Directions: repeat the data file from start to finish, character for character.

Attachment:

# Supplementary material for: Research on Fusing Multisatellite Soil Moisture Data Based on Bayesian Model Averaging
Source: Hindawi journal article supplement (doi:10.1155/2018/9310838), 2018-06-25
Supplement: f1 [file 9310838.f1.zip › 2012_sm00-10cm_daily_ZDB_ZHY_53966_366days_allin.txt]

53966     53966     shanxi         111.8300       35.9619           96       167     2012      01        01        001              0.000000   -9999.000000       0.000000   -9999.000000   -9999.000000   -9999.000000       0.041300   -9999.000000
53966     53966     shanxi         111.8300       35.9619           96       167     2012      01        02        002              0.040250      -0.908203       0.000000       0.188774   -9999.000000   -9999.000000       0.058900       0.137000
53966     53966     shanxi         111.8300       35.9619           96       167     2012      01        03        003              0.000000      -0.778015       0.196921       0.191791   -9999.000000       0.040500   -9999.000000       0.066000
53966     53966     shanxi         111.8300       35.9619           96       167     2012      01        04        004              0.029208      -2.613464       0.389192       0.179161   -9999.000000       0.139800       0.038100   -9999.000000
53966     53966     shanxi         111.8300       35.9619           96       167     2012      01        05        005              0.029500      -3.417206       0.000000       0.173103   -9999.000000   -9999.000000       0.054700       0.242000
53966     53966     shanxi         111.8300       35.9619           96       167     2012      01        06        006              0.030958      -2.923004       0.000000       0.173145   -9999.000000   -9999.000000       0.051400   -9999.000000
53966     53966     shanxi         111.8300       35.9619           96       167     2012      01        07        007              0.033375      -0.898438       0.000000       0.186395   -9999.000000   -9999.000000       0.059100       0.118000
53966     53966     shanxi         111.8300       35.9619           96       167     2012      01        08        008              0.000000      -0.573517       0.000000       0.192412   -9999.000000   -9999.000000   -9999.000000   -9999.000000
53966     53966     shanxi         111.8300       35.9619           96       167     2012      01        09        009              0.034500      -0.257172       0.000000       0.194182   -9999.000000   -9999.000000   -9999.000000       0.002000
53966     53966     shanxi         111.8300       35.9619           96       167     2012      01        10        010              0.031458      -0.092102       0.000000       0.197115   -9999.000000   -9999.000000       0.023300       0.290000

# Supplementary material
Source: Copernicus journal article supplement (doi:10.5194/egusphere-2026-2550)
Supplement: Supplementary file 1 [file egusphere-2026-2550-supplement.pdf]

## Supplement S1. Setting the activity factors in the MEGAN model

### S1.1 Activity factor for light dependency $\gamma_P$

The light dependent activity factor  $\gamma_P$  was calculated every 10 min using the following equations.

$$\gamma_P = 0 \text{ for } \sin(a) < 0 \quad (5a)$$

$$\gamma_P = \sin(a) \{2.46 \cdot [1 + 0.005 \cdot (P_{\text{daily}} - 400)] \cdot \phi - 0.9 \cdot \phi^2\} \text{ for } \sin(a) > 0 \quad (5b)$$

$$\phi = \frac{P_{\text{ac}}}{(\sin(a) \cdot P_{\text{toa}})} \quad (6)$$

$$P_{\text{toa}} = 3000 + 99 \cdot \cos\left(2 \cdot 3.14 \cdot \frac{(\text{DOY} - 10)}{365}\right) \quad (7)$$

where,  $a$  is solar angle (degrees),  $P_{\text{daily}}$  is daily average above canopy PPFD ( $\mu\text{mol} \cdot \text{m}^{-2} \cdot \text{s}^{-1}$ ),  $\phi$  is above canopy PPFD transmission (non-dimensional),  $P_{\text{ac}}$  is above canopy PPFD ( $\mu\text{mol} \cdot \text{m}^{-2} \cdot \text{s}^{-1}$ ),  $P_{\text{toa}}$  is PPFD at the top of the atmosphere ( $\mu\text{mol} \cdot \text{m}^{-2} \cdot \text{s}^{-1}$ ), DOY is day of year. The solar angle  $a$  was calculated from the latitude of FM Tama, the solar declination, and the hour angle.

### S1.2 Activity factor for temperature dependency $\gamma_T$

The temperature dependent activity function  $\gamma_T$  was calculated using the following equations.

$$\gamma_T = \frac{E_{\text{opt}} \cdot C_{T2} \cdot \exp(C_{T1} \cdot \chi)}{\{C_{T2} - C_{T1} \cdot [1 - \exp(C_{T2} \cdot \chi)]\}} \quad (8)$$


# Supplementary material for: Research on Fusing Multisatellite Soil Moisture Data Based on Bayesian Model Averaging
Source: Hindawi journal article supplement (doi:10.1155/2018/9310838), 2018-06-25
Supplement: f1 [file 9310838.f1.zip › 2012_sm00-10cm_daily_ZDB_ZHY_53966_366days_allin.txt]

53966     53966     shanxi         111.8300       35.9619           96       167     2012      01        01        001              0.000000   -9999.000000       0.000000   -9999.000000   -9999.000000   -9999.000000       0.041300   -9999.000000
53966     53966     shanxi         111.8300       35.9619           96       167     2012      01        02        002              0.040250      -0.908203       0.000000       0.188774   -9999.000000   -9999.000000       0.058900       0.137000
53966     53966     shanxi         111.8300       35.9619           96       167     2012      01        03        003              0.000000      -0.778015       0.196921       0.191791   -9999.000000       0.040500   -9999.000000       0.066000
53966     53966     shanxi         111.8300       35.9619           96       167     2012      01        04        004              0.029208      -2.613464       0.389192       0.179161   -9999.000000       0.139800       0.038100   -9999.000000
53966     53966     shanxi         111.8300       35.9619           96       167     2012      01        05        005              0.029500      -3.417206       0.000000       0.173103   -9999.000000   -9999.000000       0.054700       0.242000
53966     53966     shanxi         111.8300       35.9619           96       167     2012      01        06        006              0.030958      -2.923004       0.000000       0.173145   -9999.000000   -9999.000000       0.051400   -9999.000000
53966     53966     shanxi         111.8300       35.9619           96       167     2012      01        07        007              0.033375      -0.898438       0.000000       0.186395   -9999.000000   -9999.000000       0.059100       0.118000
53966     53966     shanxi         111.8300       35.9619           96       167     2012      01        08        008              0.000000      -0.573517       0.000000       0.192412   -9999.000000   -9999.000000   -9999.000000   -9999.000000
53966     53966     shanxi         111.8300       35.9619           96       167     2012      01        09        009              0.034500      -0.257172       0.000000       0.194182   -9999.000000   -9999.000000   -9999.000000       0.002000
53966     53966     shanxi         111.8300       35.9619           96       167     2012      01        10        010              0.031458      -0.092102       0.000000       0.197115   -9999.000000   -9999.000000       0.023300       0.290000

# Supplementary material
Source: Copernicus journal article supplement (doi:10.5194/egusphere-2026-2550)
Supplement: Supplementary file 1 [file egusphere-2026-2550-supplement.pdf]

## Supplement S1. Setting the activity factors in the MEGAN model

### S1.1 Activity factor for light dependency $\gamma_P$

The light dependent activity factor  $\gamma_P$  was calculated every 10 min using the following equations.

$$\gamma_P = 0 \text{ for } \sin(a) < 0 \quad (5a)$$

$$\gamma_P = \sin(a) \{2.46 \cdot [1 + 0.005 \cdot (P_{\text{daily}} - 400)] \cdot \phi - 0.9 \cdot \phi^2\} \text{ for } \sin(a) > 0 \quad (5b)$$

$$\phi = \frac{P_{\text{ac}}}{(\sin(a) \cdot P_{\text{toa}})} \quad (6)$$

$$P_{\text{toa}} = 3000 + 99 \cdot \cos\left(2 \cdot 3.14 \cdot \frac{(\text{DOY} - 10)}{365}\right) \quad (7)$$

where,  $a$  is solar angle (degrees),  $P_{\text{daily}}$  is daily average above canopy PPFD ( $\mu\text{mol} \cdot \text{m}^{-2} \cdot \text{s}^{-1}$ ),  $\phi$  is above canopy PPFD transmission (non-dimensional),  $P_{\text{ac}}$  is above canopy PPFD ( $\mu\text{mol} \cdot \text{m}^{-2} \cdot \text{s}^{-1}$ ),  $P_{\text{toa}}$  is PPFD at the top of the atmosphere ( $\mu\text{mol} \cdot \text{m}^{-2} \cdot \text{s}^{-1}$ ), DOY is day of year. The solar angle  $a$  was calculated from the latitude of FM Tama, the solar declination, and the hour angle.

### S1.2 Activity factor for temperature dependency $\gamma_T$

The temperature dependent activity function  $\gamma_T$  was calculated using the following equations.

$$\gamma_T = \frac{E_{\text{opt}} \cdot C_{T2} \cdot \exp(C_{T1} \cdot \chi)}{\{C_{T2} - C_{T1} \cdot [1 - \exp(C_{T2} \cdot \chi)]\}} \quad (8)$$